Cultivate a loyal community
One distinct advantage D2C businesses have over traditional brands is their ability to cultivate a loyal customer base. Shoppers today are focused on finding brands with values that align with their own, and they then become engaged, loyal followers of that brand. This is the community that will support initiatives like new product releases or pop-up events, or advocate for brands on their behalf.
Loyal customers are also less likely to abandon the brand during challenging times. They will feel a stronger desire to support this brand because they have a personal relationship and are invested in the business’ success. Most retailers have changed their communication with customers during the last few months, but D2C retailers have used this time to really deepen their relationship with customers. They’ve shown empathy and concern for customers while also being transparent about their own priorities.
After an initial drop, sales began to climb in early April for manufacturer and retailer TOV Furniture. By the middle of the month, sales were up more than 200% year-over-year. Direct-to-consumer sales have led the charge for TOV, and CEO Bruce Krinsky attributes the unexpected spike to people freshening up their homes and addressing new needs as they spend more time inside. While Krinsky doesn’t expect this record demand to last long-term, he believes this “sped up the adoption rate” for e-commerce.
Run a lean, nimble operation
D2C businesses often do more with less. These brands have a deep understanding of their typical customer profile, including their interests and values, and they know how to speak to them. That allows them to spend advertising budget wisely while leveraging free channels like social media to pull in prospective and existing customers.
Brands that sell directly to consumers are usually more flexible, too. They often have no stores, or only a handful of them, and a smaller workforce, so there are fewer fixed costs. That’s a key advantage as retail undergoes a sudden shift and faces a less certain future. Other brands must embrace this willingness to change gears quickly as consumer preferences and the overall market continues to fluctuate.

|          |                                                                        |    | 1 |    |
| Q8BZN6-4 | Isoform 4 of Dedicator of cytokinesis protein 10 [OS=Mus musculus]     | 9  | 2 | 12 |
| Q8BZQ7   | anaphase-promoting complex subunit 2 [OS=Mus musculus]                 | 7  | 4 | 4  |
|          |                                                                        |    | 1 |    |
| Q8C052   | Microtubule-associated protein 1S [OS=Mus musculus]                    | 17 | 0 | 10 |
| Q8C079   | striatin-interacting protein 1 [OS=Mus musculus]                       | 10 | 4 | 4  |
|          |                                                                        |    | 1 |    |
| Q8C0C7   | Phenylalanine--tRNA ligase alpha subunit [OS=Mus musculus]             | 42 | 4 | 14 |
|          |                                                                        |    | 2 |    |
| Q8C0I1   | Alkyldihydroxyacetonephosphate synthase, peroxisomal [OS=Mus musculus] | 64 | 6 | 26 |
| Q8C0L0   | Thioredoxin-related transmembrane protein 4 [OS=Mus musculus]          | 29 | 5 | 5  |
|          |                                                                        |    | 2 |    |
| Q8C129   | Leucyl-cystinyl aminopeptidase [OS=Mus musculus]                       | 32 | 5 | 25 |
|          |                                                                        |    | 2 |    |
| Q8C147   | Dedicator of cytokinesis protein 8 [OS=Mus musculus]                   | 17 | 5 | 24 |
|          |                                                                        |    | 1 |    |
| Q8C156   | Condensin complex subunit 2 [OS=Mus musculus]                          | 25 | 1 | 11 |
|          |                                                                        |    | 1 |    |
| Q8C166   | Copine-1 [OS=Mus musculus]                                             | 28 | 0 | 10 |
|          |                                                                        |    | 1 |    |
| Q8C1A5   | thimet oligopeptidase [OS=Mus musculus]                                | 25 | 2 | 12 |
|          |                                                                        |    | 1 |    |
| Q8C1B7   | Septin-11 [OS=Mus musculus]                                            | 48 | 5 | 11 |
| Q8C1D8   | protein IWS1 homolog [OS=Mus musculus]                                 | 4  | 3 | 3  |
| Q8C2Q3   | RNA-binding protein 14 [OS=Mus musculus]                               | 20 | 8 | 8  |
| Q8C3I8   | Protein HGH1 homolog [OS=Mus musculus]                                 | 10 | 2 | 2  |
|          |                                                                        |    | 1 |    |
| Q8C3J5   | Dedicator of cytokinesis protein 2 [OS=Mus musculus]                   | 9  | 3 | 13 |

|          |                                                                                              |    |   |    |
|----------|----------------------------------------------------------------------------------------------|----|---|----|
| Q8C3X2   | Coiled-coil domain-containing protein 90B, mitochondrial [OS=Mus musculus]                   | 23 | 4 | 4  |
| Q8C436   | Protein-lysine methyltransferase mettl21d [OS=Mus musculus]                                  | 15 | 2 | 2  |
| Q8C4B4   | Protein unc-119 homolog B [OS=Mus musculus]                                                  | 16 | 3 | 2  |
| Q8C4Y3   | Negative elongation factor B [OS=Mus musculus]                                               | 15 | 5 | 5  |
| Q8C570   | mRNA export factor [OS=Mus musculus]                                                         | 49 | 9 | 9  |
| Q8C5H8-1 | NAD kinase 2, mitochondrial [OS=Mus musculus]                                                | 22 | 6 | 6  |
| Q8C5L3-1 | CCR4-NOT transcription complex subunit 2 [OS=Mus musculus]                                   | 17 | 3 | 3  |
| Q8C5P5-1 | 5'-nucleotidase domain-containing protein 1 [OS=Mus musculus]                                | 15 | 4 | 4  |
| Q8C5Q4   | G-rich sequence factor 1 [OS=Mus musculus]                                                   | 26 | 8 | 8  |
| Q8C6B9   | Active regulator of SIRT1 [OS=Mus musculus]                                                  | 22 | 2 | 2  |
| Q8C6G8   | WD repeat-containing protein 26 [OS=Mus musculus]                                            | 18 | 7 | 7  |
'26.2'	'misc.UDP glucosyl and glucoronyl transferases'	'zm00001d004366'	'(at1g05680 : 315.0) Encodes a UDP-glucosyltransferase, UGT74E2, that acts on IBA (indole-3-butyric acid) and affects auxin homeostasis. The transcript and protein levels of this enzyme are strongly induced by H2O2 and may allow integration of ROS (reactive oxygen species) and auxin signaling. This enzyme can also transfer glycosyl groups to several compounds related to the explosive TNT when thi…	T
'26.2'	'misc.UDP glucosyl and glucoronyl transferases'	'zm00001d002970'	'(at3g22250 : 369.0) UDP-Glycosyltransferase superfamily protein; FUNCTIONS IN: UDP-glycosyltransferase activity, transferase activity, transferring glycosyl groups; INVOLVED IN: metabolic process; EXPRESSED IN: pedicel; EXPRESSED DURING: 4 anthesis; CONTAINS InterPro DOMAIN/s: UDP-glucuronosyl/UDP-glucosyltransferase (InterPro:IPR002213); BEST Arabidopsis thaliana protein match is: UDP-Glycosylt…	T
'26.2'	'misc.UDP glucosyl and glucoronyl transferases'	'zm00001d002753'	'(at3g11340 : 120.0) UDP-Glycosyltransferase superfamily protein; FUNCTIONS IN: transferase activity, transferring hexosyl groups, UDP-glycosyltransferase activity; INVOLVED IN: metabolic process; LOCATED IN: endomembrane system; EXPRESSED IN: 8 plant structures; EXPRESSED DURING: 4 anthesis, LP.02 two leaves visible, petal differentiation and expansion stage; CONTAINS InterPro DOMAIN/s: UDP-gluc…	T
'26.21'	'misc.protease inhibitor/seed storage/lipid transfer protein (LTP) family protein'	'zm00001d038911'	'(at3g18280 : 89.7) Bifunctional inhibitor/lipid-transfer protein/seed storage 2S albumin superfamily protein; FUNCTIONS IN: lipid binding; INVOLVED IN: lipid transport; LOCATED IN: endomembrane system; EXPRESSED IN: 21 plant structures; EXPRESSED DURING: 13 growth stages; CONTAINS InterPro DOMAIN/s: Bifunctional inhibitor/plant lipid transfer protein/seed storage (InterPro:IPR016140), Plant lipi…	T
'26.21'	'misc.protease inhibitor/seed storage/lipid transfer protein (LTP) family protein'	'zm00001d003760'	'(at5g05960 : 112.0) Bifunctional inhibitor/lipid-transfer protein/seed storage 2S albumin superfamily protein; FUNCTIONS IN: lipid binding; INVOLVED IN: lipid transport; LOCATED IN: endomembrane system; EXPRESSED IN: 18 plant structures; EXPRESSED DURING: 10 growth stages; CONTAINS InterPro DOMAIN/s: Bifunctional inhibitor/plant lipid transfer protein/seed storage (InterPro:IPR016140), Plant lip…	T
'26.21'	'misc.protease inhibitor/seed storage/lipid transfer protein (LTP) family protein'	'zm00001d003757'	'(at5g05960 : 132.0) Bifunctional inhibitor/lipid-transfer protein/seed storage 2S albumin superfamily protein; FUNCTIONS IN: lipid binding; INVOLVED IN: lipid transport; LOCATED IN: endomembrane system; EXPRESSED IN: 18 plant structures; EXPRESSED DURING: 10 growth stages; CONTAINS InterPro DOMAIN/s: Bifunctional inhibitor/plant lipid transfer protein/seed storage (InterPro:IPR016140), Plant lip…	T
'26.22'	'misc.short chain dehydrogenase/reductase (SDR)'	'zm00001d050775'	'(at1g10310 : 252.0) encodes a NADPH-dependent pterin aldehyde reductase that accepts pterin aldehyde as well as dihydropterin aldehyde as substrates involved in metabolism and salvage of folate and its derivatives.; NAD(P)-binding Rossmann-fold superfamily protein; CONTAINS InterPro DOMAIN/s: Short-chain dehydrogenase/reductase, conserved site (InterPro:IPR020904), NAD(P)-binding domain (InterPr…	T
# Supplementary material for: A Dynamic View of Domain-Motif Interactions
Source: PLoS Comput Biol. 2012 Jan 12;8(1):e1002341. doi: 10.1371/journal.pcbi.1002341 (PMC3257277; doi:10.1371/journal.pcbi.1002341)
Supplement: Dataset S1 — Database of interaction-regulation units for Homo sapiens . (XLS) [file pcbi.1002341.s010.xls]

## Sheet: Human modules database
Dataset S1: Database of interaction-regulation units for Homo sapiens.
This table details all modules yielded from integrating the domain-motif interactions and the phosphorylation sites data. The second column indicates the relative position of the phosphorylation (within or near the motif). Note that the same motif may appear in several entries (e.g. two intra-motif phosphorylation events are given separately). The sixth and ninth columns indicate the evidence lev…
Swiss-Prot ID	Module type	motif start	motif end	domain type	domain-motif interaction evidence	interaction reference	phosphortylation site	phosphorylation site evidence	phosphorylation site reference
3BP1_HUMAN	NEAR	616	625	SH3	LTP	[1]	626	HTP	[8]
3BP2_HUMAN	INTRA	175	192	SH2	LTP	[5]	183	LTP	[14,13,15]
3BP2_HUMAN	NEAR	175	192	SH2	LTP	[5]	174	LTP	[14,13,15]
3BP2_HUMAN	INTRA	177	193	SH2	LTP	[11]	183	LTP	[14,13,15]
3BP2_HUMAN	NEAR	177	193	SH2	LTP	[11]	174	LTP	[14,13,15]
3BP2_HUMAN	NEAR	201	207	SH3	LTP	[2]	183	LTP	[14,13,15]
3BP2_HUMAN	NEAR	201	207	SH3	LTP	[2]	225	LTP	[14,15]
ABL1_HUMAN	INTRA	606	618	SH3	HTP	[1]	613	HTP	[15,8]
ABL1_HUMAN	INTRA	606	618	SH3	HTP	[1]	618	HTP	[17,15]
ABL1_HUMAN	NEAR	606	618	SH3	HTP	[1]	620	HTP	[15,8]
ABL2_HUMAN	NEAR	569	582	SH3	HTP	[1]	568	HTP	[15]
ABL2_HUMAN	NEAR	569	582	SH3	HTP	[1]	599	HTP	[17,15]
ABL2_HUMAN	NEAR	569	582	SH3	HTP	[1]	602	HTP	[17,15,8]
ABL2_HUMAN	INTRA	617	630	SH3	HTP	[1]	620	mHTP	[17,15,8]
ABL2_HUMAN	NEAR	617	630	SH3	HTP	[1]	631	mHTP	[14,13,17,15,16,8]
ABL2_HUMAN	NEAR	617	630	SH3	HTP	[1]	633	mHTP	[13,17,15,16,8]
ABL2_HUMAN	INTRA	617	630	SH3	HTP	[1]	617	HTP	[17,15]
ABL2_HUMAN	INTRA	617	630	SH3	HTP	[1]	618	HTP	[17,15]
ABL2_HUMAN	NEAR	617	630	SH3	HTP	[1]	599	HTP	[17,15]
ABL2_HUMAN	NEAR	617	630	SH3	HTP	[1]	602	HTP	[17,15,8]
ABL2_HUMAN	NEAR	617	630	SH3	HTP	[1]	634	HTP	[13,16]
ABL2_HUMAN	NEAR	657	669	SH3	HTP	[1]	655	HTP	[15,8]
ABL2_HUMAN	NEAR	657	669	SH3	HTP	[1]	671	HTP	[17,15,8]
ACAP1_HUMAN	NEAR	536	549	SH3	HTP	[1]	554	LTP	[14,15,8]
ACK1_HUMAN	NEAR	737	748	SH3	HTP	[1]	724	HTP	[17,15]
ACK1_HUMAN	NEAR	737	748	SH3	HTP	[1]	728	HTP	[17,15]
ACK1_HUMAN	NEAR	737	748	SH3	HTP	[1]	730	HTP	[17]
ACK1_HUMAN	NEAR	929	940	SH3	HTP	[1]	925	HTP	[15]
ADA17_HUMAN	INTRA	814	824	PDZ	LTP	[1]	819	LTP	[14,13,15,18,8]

The Koin Club, the dedicated online hub for UK fandom collectors, designs, develops and markets both one-off items and monthly collections under official license with the likes of Disney and Marvel. When the pandemic began, The Koin Club made the decision to instantly switch on 40% budget towards online advertising, and expand to new platforms such as TikTok and Snapchat, as it recognised an opportunity to engage with younger audiences with more time on their hands that want to connect with the things they are passionate about. In doing so, Koin helped drive sales of its special edition Thank You to Our Key Workers range, which is on the way to providing £100,000 in proceeds to the National Emergencies Trust.
Learning from D2C pioneers
There is no question that it’s a challenging time for retail. 2019 saw retail sales fall for the first time in 25 years, and that was before coronavirus. But brands can still succeed in the evolving retail landscape by learning from their D2C counterparts. They no longer need to rely solely on others to market and sell their products. Instead, they can look inward and focus on what they can control. D2C offers a tremendous opportunity for retailers that can both drive revenue in the near-term and become critical to their long-term success.
Right now, none of us quite knows how things will pan out over the rest of the year, and what the longer-term effects of the pandemic will be. But the way consumers interact with brands has likely changed for good, and retailers must pursue new ways to reach shoppers if they want to succeed.
By Nicky Tozer, VP EMEA, Oracle NetSuite